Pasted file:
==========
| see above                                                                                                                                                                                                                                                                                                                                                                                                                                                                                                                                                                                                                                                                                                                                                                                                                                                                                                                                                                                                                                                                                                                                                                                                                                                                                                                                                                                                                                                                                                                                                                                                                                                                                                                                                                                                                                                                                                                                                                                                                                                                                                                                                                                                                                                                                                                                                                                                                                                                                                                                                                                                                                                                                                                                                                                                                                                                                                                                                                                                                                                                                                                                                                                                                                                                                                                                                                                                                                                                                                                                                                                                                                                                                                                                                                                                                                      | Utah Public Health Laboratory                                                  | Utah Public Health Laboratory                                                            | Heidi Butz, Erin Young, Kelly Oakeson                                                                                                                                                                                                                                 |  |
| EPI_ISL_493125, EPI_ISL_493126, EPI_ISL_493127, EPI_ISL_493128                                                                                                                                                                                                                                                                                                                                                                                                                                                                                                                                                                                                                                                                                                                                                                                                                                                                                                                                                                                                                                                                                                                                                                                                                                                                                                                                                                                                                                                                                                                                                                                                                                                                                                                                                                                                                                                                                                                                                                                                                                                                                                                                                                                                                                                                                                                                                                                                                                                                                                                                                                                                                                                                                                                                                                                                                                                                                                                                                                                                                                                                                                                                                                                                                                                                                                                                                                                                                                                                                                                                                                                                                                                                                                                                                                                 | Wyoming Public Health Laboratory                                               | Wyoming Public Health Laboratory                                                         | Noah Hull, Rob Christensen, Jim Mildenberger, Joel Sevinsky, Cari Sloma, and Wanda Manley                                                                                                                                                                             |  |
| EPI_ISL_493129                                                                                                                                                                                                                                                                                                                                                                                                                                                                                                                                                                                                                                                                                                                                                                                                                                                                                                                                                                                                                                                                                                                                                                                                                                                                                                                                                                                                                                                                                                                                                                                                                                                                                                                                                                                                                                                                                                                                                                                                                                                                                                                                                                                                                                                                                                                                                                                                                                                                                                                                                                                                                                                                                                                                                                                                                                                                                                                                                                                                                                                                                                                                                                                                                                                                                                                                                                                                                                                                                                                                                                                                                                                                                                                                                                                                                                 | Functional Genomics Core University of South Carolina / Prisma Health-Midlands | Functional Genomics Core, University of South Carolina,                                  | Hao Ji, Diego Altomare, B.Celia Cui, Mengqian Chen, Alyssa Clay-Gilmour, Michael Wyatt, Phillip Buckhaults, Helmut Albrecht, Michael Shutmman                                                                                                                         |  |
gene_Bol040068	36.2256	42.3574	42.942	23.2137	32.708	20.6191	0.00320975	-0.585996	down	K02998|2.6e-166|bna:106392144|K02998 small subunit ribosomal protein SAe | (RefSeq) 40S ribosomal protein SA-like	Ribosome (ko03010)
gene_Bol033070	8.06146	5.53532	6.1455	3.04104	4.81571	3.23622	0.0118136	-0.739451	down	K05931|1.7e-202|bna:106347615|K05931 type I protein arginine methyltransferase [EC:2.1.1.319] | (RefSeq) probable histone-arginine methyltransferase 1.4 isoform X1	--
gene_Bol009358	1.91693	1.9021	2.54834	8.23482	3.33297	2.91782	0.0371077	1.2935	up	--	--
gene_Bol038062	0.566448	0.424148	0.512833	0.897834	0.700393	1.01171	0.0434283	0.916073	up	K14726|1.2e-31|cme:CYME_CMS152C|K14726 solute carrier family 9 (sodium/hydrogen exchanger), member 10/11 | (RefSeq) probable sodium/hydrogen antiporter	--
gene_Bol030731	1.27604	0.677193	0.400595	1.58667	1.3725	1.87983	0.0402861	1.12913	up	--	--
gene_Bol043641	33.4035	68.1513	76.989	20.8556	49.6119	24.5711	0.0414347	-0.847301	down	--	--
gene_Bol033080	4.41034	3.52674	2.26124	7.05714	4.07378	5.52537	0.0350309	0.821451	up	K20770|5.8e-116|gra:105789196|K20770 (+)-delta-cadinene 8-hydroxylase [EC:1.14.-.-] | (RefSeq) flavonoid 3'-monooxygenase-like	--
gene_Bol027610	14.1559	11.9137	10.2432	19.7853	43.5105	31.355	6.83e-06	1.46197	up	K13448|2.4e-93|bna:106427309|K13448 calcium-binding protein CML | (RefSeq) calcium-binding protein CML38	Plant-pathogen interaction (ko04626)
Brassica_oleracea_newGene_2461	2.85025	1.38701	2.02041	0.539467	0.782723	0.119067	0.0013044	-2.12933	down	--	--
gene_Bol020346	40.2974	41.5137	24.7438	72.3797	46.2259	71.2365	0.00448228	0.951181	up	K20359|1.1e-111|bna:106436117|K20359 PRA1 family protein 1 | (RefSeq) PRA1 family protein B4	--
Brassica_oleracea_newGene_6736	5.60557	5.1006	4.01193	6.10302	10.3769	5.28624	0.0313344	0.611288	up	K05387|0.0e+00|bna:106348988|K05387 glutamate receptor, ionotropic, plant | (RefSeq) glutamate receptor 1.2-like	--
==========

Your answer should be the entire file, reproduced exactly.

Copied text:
| see above                                                                                                                                                                                                                                                                                                                                                                                                                                                                                                                                                                                                                                                                                                                                                                                                                                                                                                                                                                                                                                                                                                                                                                                                                                                                                                                                                                                                                                                                                                                                                                                                                                                                                                                                                                                                                                                                                                                                                                                                                                                                                                                                                                                                                                                                                                                                                                                                                                                                                                                                                                                                                                                                                                                                                                                                                                                                                                                                                                                                                                                                                                                                                                                                                                                                                                                                                                                                                                                                                                                                                                                                                                                                                                                                                                                                                                      | Utah Public Health Laboratory                                                  | Utah Public Health Laboratory                                                            | Heidi Butz, Erin Young, Kelly Oakeson                                                                                                                                                                                                                                 |  |
| EPI_ISL_493125, EPI_ISL_493126, EPI_ISL_493127, EPI_ISL_493128                                                                                                                                                                                                                                                                                                                                                                                                                                                                                                                                                                                                                                                                                                                                                                                                                                                                                                                                                                                                                                                                                                                                                                                                                                                                                                                                                                                                                                                                                                                                                                                                                                                                                                                                                                                                                                                                                                                                                                                                                                                                                                                                                                                                                                                                                                                                                                                                                                                                                                                                                                                                                                                                                                                                                                                                                                                                                                                                                                                                                                                                                                                                                                                                                                                                                                                                                                                                                                                                                                                                                                                                                                                                                                                                                                                 | Wyoming Public Health Laboratory                                               | Wyoming Public Health Laboratory                                                         | Noah Hull, Rob Christensen, Jim Mildenberger, Joel Sevinsky, Cari Sloma, and Wanda Manley                                                                                                                                                                             |  |
| EPI_ISL_493129                                                                                                                                                                                                                                                                                                                                                                                                                                                                                                                                                                                                                                                                                                                                                                                                                                                                                                                                                                                                                                                                                                                                                                                                                                                                                                                                                                                                                                                                                                                                                                                                                                                                                                                                                                                                                                                                                                                                                                                                                                                                                                                                                                                                                                                                                                                                                                                                                                                                                                                                                                                                                                                                                                                                                                                                                                                                                                                                                                                                                                                                                                                                                                                                                                                                                                                                                                                                                                                                                                                                                                                                                                                                                                                                                                                                                                 | Functional Genomics Core University of South Carolina / Prisma Health-Midlands | Functional Genomics Core, University of South Carolina,                                  | Hao Ji, Diego Altomare, B.Celia Cui, Mengqian Chen, Alyssa Clay-Gilmour, Michael Wyatt, Phillip Buckhaults, Helmut Albrecht, Michael Shutmman                                                                                                                         |  |
gene_Bol040068	36.2256	42.3574	42.942	23.2137	32.708	20.6191	0.00320975	-0.585996	down	K02998|2.6e-166|bna:106392144|K02998 small subunit ribosomal protein SAe | (RefSeq) 40S ribosomal protein SA-like	Ribosome (ko03010)
gene_Bol033070	8.06146	5.53532	6.1455	3.04104	4.81571	3.23622	0.0118136	-0.739451	down	K05931|1.7e-202|bna:106347615|K05931 type I protein arginine methyltransferase [EC:2.1.1.319] | (RefSeq) probable histone-arginine methyltransferase 1.4 isoform X1	--
gene_Bol009358	1.91693	1.9021	2.54834	8.23482	3.33297	2.91782	0.0371077	1.2935	up	--	--
gene_Bol038062	0.566448	0.424148	0.512833	0.897834	0.700393	1.01171	0.0434283	0.916073	up	K14726|1.2e-31|cme:CYME_CMS152C|K14726 solute carrier family 9 (sodium/hydrogen exchanger), member 10/11 | (RefSeq) probable sodium/hydrogen antiporter	--
gene_Bol030731	1.27604	0.677193	0.400595	1.58667	1.3725	1.87983	0.0402861	1.12913	up	--	--
gene_Bol043641	33.4035	68.1513	76.989	20.8556	49.6119	24.5711	0.0414347	-0.847301	down	--	--
gene_Bol033080	4.41034	3.52674	2.26124	7.05714	4.07378	5.52537	0.0350309	0.821451	up	K20770|5.8e-116|gra:105789196|K20770 (+)-delta-cadinene 8-hydroxylase [EC:1.14.-.-] | (RefSeq) flavonoid 3'-monooxygenase-like	--
gene_Bol027610	14.1559	11.9137	10.2432	19.7853	43.5105	31.355	6.83e-06	1.46197	up	K13448|2.4e-93|bna:106427309|K13448 calcium-binding protein CML | (RefSeq) calcium-binding protein CML38	Plant-pathogen interaction (ko04626)
Brassica_oleracea_newGene_2461	2.85025	1.38701	2.02041	0.539467	0.782723	0.119067	0.0013044	-2.12933	down	--	--
gene_Bol020346	40.2974	41.5137	24.7438	72.3797	46.2259	71.2365	0.00448228	0.951181	up	K20359|1.1e-111|bna:106436117|K20359 PRA1 family protein 1 | (RefSeq) PRA1 family protein B4	--
Brassica_oleracea_newGene_6736	5.60557	5.1006	4.01193	6.10302	10.3769	5.28624	0.0313344	0.611288	up	K05387|0.0e+00|bna:106348988|K05387 glutamate receptor, ionotropic, plant | (RefSeq) glutamate receptor 1.2-like	--